Spineless Wonders asks Sam Cooney
Ryan O’Neill, Eva Hornung, Peter Carey, Jessica Au, A.G. McNeil, Amanda Lohrey, Frank Moorhouse Gerard Murnane, Denis Johnson, David Foster Wallace, Doris Lessing, Donald Barthelme, Jorge Luis Barthes, Miranda July, Michael Cunningham, Raymond Carver.
2. What is the most memorable short story you have read? And why does it stand out for you?
Borges’s ‘The Garden of Forking Paths’. Like, hypertext magic alert! So many layers/tangents/literary recourses. A maze-like story about an infinite maze. Jesus Jumping Beans, did this guy sort of invent the internet or something?
The story is kind-of epistolary (a style which I really dig) and it melds philosophy with storytelling (which is why I open books). Affecting and clever!
The first time you read this (or many other of Borges’s short fictions) your brain sizzles itself a thick new synapse, one that can never be unsizzled.
Also, “Jorge Luis Borges” is fun to say in a faux-Spanish accent.
3. What do you like about the short story form?
With tongue entirely in cheek but also in utter earnestness: the shortness. A short story is by name and definition succinct/brief/fleeting. When a short story is no longer short — say over 15,000 words, to pick a number — it loses the lustre of immediacy. This is true for both reading and writing short fiction. As a reader, to step into a short story is like having a shower (opposed to lolling in a bath). You know as you enter either a short story or a shower that it’s going to be quick and warm, and that it will charge your energy levels so that chores or creative toils or making that difficult phone call are suddenly not as unfeasible as they were before. As a writer, short fiction is graspable. An idea filters down through the top of your head like coffee into a cup, and you can seize it and jot down a few seconds of notes and then punch away at the keyboard, and a day or two later, you have the chassis of a story ready to be tricked out. Even if the end result is just crap, that 48 hour period of writing writing writing is better than [insert hedonistic pursuit here].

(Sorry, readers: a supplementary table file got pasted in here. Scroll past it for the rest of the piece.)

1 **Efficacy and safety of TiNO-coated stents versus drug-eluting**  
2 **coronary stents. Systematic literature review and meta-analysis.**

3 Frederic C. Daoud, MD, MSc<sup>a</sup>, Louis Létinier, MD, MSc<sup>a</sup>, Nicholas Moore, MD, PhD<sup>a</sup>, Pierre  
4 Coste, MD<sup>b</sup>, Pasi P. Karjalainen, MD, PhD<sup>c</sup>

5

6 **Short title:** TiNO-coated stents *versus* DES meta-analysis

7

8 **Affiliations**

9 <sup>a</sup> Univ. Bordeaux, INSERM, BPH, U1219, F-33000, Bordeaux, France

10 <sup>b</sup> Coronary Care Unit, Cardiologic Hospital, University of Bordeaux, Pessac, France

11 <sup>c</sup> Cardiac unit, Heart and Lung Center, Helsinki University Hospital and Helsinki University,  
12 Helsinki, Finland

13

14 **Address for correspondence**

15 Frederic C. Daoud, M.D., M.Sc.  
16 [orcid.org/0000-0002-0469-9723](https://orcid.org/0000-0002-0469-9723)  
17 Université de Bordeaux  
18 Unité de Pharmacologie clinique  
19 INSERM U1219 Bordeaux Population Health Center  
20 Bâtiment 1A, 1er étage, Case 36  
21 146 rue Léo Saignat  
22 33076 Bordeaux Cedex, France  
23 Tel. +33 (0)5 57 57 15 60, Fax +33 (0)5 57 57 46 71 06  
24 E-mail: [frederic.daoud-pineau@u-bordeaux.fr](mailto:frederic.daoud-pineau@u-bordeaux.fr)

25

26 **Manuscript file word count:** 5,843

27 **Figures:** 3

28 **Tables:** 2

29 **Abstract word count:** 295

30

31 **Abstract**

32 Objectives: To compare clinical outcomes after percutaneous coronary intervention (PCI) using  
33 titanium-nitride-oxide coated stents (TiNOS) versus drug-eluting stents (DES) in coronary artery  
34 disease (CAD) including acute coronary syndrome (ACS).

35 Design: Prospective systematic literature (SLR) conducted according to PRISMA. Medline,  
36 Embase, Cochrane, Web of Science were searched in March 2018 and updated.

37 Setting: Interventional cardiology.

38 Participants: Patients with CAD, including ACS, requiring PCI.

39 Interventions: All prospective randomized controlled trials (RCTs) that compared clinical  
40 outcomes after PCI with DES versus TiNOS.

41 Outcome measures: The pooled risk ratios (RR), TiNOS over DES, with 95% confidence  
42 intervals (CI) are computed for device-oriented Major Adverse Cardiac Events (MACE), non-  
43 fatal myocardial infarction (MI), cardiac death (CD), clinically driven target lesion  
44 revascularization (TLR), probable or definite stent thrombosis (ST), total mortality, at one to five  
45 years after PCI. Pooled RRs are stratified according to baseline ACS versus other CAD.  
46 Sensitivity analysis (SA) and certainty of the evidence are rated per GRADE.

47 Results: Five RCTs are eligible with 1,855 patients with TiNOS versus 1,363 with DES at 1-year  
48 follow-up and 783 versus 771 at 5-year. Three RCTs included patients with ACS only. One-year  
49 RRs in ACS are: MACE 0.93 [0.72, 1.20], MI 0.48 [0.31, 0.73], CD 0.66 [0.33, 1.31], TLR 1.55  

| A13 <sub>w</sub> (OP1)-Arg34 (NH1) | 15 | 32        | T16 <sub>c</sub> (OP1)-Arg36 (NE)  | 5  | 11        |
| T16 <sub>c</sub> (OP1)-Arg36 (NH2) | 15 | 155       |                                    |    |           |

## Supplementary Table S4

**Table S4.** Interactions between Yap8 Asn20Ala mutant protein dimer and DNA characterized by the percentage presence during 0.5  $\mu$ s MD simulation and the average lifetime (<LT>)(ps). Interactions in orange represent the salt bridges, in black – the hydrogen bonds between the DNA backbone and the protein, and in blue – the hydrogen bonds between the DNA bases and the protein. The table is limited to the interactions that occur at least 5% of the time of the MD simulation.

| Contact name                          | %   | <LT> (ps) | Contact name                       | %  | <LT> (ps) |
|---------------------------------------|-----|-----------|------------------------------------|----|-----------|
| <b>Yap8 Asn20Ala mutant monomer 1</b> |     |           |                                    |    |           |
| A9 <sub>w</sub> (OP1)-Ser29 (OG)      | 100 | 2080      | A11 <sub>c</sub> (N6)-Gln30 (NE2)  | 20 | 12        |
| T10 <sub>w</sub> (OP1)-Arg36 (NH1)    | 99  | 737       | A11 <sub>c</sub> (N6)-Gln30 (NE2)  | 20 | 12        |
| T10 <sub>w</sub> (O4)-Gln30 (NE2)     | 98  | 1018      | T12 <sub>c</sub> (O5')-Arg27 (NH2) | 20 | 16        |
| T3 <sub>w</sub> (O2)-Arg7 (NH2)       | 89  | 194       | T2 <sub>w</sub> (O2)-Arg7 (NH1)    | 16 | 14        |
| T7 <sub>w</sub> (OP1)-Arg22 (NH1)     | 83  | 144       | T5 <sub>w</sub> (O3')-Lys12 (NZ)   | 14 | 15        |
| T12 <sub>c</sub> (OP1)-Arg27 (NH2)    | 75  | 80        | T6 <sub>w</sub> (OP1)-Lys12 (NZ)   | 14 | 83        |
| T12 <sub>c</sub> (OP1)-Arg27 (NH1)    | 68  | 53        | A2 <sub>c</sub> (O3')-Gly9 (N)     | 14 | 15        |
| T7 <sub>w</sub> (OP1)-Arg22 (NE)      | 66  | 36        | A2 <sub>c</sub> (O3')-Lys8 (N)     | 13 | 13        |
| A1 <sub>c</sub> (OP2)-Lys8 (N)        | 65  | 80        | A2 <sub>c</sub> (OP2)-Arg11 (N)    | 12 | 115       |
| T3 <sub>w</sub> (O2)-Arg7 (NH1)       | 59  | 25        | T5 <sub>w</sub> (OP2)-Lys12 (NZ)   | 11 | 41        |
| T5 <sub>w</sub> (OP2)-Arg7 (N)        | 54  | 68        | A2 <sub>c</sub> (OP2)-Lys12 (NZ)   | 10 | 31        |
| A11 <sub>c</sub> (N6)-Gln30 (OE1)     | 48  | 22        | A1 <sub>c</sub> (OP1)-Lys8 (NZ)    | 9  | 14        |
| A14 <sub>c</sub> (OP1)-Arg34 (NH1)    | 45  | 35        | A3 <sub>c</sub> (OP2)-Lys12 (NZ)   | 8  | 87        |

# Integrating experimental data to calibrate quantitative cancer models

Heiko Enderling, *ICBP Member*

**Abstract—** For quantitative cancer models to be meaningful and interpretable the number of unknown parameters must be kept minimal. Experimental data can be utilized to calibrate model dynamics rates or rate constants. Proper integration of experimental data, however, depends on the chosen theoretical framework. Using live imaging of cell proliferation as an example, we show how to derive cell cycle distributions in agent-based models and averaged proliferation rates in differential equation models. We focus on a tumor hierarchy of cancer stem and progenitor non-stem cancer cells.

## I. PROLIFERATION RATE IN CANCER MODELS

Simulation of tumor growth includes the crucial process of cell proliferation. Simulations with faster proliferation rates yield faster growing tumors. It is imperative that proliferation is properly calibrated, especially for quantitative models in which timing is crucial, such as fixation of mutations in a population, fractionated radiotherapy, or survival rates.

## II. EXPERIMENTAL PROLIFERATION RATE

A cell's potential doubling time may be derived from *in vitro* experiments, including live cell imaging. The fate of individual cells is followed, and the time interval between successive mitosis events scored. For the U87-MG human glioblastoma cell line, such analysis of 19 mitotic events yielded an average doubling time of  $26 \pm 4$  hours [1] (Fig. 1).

4. How would you describe your own writing?
Try-hard. Fuelled. Noisy. Optimistically cynical. Like hugging a cactus.
5. Which of your stories are you most fond of right at this moment and why?
One that I haven’t written yet; pick any of the hodgepodge ‘story idea’ Word docs that stare out at me from my desktop.
6. Where do the ideas for your stories come from? (Take us through an example)
I’m not sure where ideas come from. I can’t even go as far as calling them ‘my’ ideas. Does anyone really have an answer for this question that isn’t just horseshit? An idea appears. Sure, it’s an electrochemical process in the brain, as far as our current thinking goes. And sure, it’s also explainable through personality and character and private history. But none of this is ever going to be satisfactory. Try explaining to a five-year-old the physical reasons why a group of whales kill themselves by drowning in air on a lonely beach. How much can you persuade this five-year-old with an explanation?
7. What is your writing process – from idea to publication? (Do you go it alone or are others involved?)
Alone alone alone, until the very end, when I reach out for friends. I don’t reckon there’s any other way to do it.
8. Do you feel the short story form is valued in Australia? What makes you say this?
Yeah, sure it’s valued. I value the shit out of it, and I know many other Australian citizens who do also. That’s enough for me, for the moment anyhow.
9. How do you feel about your work being published in non-print forms such as digital and audio?
No wuckers is how I feel. Do with it what you will, it’s not mine anymore.